Date Released: 01 August 2012
As a Cork man, I am delighted to be here today on behalf of SIPTU to join in the celebrations of Mother Jones - a magnificent and inspirational trade unionist. I want to start by warmly congratulating the Organising Committee for a fantastic programme of events, but more importantly, for taking on the very worthy task of organising this commemoration of Mary Harris who was born here in the north side of Cork.
As many of you present are aware, Mary Harris, known as Mother Jones, organised hundreds of thousands of American workers, mainly coal miners, in unions from 1890 to 1920. Her story is quite an incredible one and she was celebrated in song by Woody Guthrie and recorded in history as one of the greatest ever labour organisers in the US. She was among those present when the Industrial Workers of the World, known as the Wobblies, was founded in Chicago in 1905 and was a speaker and organiser for the Socialist Party. James Connolly trod a similar path when he organised workers in the US before returning to Ireland to help build the ITGWU which was established in 1909, one of the constituent Unions of SIPTU.
It is staggering that such a powerful, determined and courageous leader of workers and social interest campaigns is not widely honoured in a more significant fashion in our schools and throughout Irish society. I would have thought that Mother Jones should be acknowledged to a much greater degree as a leading figure that influenced so much in her adopted land by her tenacious and determined work on behalf of many who were under privileged and deprived, including young children who were exploited as child labour in mines and mills.
I was pleasantly surprised however at the number of people who mentioned this commemoration and its relevance in recognising such a wonderful trade unionist and also the esteem and respect which they held for her endeavours.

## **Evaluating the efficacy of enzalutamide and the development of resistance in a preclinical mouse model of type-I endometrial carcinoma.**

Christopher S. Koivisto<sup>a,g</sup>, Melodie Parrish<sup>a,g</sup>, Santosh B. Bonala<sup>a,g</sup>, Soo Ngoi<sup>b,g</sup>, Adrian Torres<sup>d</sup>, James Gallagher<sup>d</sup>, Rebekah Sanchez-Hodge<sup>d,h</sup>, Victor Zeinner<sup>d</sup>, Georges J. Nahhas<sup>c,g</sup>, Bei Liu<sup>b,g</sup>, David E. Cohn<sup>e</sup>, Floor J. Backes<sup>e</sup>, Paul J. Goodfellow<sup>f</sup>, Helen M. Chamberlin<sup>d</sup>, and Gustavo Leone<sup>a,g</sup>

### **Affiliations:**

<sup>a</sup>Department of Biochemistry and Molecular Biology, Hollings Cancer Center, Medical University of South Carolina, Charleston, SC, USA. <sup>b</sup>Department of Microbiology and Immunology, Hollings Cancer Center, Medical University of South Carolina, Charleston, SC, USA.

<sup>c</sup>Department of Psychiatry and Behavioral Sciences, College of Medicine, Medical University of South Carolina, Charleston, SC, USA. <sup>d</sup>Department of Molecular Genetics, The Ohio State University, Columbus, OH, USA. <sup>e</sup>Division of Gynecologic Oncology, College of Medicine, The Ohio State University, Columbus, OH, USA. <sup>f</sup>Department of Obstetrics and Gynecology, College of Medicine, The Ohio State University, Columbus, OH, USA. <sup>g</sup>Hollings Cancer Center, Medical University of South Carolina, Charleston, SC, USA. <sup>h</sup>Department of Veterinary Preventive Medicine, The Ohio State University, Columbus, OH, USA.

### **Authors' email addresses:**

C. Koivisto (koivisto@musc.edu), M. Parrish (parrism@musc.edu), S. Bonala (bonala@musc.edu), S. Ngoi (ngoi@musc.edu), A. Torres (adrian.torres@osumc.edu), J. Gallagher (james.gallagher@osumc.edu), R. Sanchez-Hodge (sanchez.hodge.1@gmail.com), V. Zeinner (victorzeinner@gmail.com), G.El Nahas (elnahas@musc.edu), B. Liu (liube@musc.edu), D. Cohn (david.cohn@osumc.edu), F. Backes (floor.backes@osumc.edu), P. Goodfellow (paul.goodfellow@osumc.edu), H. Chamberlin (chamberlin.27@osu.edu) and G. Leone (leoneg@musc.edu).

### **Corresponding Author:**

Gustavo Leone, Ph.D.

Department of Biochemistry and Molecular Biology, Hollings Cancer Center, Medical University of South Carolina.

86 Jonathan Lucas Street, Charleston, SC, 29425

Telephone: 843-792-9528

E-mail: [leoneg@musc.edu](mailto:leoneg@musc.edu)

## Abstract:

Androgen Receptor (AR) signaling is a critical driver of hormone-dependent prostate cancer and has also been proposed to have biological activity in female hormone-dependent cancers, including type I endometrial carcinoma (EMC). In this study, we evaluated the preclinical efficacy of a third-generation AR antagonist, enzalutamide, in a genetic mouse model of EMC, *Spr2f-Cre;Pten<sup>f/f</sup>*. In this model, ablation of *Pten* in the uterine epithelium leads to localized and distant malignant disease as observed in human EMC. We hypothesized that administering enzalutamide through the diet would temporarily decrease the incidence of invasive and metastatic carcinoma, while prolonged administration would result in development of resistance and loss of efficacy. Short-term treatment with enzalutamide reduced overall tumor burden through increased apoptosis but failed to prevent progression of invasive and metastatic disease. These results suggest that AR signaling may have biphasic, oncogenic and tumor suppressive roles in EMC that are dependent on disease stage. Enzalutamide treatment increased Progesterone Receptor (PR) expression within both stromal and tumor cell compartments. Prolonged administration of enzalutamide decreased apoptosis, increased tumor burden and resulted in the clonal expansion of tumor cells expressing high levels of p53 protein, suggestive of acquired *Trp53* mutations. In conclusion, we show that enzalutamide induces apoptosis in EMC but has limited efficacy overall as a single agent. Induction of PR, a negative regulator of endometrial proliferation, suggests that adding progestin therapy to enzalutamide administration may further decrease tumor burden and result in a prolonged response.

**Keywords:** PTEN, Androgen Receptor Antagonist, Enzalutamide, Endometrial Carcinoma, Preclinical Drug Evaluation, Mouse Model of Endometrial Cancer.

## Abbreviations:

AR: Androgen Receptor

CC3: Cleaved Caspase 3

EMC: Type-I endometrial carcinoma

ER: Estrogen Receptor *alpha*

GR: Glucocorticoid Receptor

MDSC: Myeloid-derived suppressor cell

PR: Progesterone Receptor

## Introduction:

The lack of recognition of leading figures in the Trade Union Movement such as Mother Jones – is nothing new, as over the last number of decades trade union figures have virtually been written out of the history books. Recently, I was delighted to have been asked to be involved in the promotion of another great Cork figure, Ald. Tadhg Barry, who again has been largely forgotten for his tremendous work in organising workers in this city. This is not just an Irish phenomenon! I understand the Mother Jones display, among those of other labour activists, has been removed from the offices of the Department of Labour in Washington DC.
Indeed, I watched with interest the opening of the London 2012 Olympics last Friday night and you probably are aware that the theme included the industrial revolution. Interestingly, we had the workers and the chimney stacks, the suffragettes and the bowler hatted business men – there was no place for the trade unionists who, as we all know, played such a vital role in helping to curb the worst excesses of the employers who, at that time, virtually controlled every aspect of life – not just pay and working conditions.
Events such as this commemoration give us a real opportunity to promote great people such as Mother Jones but also provide us with the opportunity to promote their values:
How relevant these values were throughout the period when Mother Jones campaigned and how relevant these values are today.
This generation and generations to come are paying a very heavy price for the greed of a chosen few at the top who have virtually bankrupted this country. Vital public services are being affected. People have lost their livelihoods, in some cases even their homes. All brought about by a political system of light touch regulation and hero worship of those in the golden circle who were perceived as having the Midas touch but, in reality, had no vision, no concept of what a society should be and worse still, despised the value of solidarity and trade unionism.
Mother Jones showed how the human spirit can prevail against the worst adversity. How powerful and generous people can be when organised together to ensure respect and dignity for all – men, women and children – working and unemployed! These are the values which we must again strive for. In doing so, we must ensure that her legacy and others like her, is acknowledged and promoted.
This is not just a commemoration, but a lesson that we have much to learn from our history and the great leaders that inspired us to fight for a better and fairer society for all to enjoy.